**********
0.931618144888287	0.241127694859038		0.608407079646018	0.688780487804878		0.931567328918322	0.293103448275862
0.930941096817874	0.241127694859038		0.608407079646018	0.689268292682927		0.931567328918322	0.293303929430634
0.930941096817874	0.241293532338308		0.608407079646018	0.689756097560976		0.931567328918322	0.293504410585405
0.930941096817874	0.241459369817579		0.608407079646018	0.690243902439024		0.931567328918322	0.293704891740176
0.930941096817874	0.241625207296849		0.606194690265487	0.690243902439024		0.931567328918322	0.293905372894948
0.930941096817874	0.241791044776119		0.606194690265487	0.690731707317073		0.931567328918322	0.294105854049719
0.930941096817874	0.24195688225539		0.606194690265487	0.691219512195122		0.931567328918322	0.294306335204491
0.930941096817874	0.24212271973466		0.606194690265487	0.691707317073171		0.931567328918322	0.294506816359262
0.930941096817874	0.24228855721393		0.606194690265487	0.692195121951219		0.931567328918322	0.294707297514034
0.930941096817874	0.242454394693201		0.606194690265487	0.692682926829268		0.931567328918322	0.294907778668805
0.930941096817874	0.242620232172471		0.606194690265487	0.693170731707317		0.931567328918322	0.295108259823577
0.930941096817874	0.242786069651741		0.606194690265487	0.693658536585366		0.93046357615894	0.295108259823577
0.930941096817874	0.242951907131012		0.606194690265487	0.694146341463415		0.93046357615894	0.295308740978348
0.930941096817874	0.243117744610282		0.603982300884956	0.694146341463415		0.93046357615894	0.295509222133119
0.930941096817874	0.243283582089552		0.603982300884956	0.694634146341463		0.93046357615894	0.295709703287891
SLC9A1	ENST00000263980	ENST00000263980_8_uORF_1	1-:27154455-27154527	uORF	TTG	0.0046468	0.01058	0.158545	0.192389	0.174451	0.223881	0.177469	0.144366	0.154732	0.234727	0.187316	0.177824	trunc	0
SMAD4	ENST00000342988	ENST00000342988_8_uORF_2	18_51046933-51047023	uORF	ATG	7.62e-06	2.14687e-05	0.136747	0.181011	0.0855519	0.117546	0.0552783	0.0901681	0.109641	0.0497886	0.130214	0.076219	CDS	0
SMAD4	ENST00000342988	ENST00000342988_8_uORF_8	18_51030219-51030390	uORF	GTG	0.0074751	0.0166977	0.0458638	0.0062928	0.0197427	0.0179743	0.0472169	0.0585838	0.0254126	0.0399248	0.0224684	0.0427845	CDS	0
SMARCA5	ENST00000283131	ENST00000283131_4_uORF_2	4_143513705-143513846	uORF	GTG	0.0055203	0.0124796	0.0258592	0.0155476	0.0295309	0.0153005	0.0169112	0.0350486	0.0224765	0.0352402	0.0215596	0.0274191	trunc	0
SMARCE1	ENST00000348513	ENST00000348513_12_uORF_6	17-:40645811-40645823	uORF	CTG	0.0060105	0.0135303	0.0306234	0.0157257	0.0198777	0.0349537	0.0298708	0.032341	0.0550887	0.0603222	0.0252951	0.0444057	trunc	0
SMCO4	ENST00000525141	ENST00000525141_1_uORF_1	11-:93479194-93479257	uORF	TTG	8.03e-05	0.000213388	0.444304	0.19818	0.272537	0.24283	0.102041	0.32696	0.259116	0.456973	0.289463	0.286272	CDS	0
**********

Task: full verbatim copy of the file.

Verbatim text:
0.931618144888287	0.241127694859038		0.608407079646018	0.688780487804878		0.931567328918322	0.293103448275862
0.930941096817874	0.241127694859038		0.608407079646018	0.689268292682927		0.931567328918322	0.293303929430634
0.930941096817874	0.241293532338308		0.608407079646018	0.689756097560976		0.931567328918322	0.293504410585405
0.930941096817874	0.241459369817579		0.608407079646018	0.690243902439024		0.931567328918322	0.293704891740176
0.930941096817874	0.241625207296849		0.606194690265487	0.690243902439024		0.931567328918322	0.293905372894948
0.930941096817874	0.241791044776119		0.606194690265487	0.690731707317073		0.931567328918322	0.294105854049719
0.930941096817874	0.24195688225539		0.606194690265487	0.691219512195122		0.931567328918322	0.294306335204491
0.930941096817874	0.24212271973466		0.606194690265487	0.691707317073171		0.931567328918322	0.294506816359262
0.930941096817874	0.24228855721393		0.606194690265487	0.692195121951219		0.931567328918322	0.294707297514034
0.930941096817874	0.242454394693201		0.606194690265487	0.692682926829268		0.931567328918322	0.294907778668805
0.930941096817874	0.242620232172471		0.606194690265487	0.693170731707317		0.931567328918322	0.295108259823577
0.930941096817874	0.242786069651741		0.606194690265487	0.693658536585366		0.93046357615894	0.295108259823577
0.930941096817874	0.242951907131012		0.606194690265487	0.694146341463415		0.93046357615894	0.295308740978348
0.930941096817874	0.243117744610282		0.603982300884956	0.694146341463415		0.93046357615894	0.295509222133119
0.930941096817874	0.243283582089552		0.603982300884956	0.694634146341463		0.93046357615894	0.295709703287891
SLC9A1	ENST00000263980	ENST00000263980_8_uORF_1	1-:27154455-27154527	uORF	TTG	0.0046468	0.01058	0.158545	0.192389	0.174451	0.223881	0.177469	0.144366	0.154732	0.234727	0.187316	0.177824	trunc	0
SMAD4	ENST00000342988	ENST00000342988_8_uORF_2	18_51046933-51047023	uORF	ATG	7.62e-06	2.14687e-05	0.136747	0.181011	0.0855519	0.117546	0.0552783	0.0901681	0.109641	0.0497886	0.130214	0.076219	CDS	0
SMAD4	ENST00000342988	ENST00000342988_8_uORF_8	18_51030219-51030390	uORF	GTG	0.0074751	0.0166977	0.0458638	0.0062928	0.0197427	0.0179743	0.0472169	0.0585838	0.0254126	0.0399248	0.0224684	0.0427845	CDS	0
SMARCA5	ENST00000283131	ENST00000283131_4_uORF_2	4_143513705-143513846	uORF	GTG	0.0055203	0.0124796	0.0258592	0.0155476	0.0295309	0.0153005	0.0169112	0.0350486	0.0224765	0.0352402	0.0215596	0.0274191	trunc	0
SMARCE1	ENST00000348513	ENST00000348513_12_uORF_6	17-:40645811-40645823	uORF	CTG	0.0060105	0.0135303	0.0306234	0.0157257	0.0198777	0.0349537	0.0298708	0.032341	0.0550887	0.0603222	0.0252951	0.0444057	trunc	0
SMCO4	ENST00000525141	ENST00000525141_1_uORF_1	11-:93479194-93479257	uORF	TTG	8.03e-05	0.000213388	0.444304	0.19818	0.272537	0.24283	0.102041	0.32696	0.259116	0.456973	0.289463	0.286272	CDS	0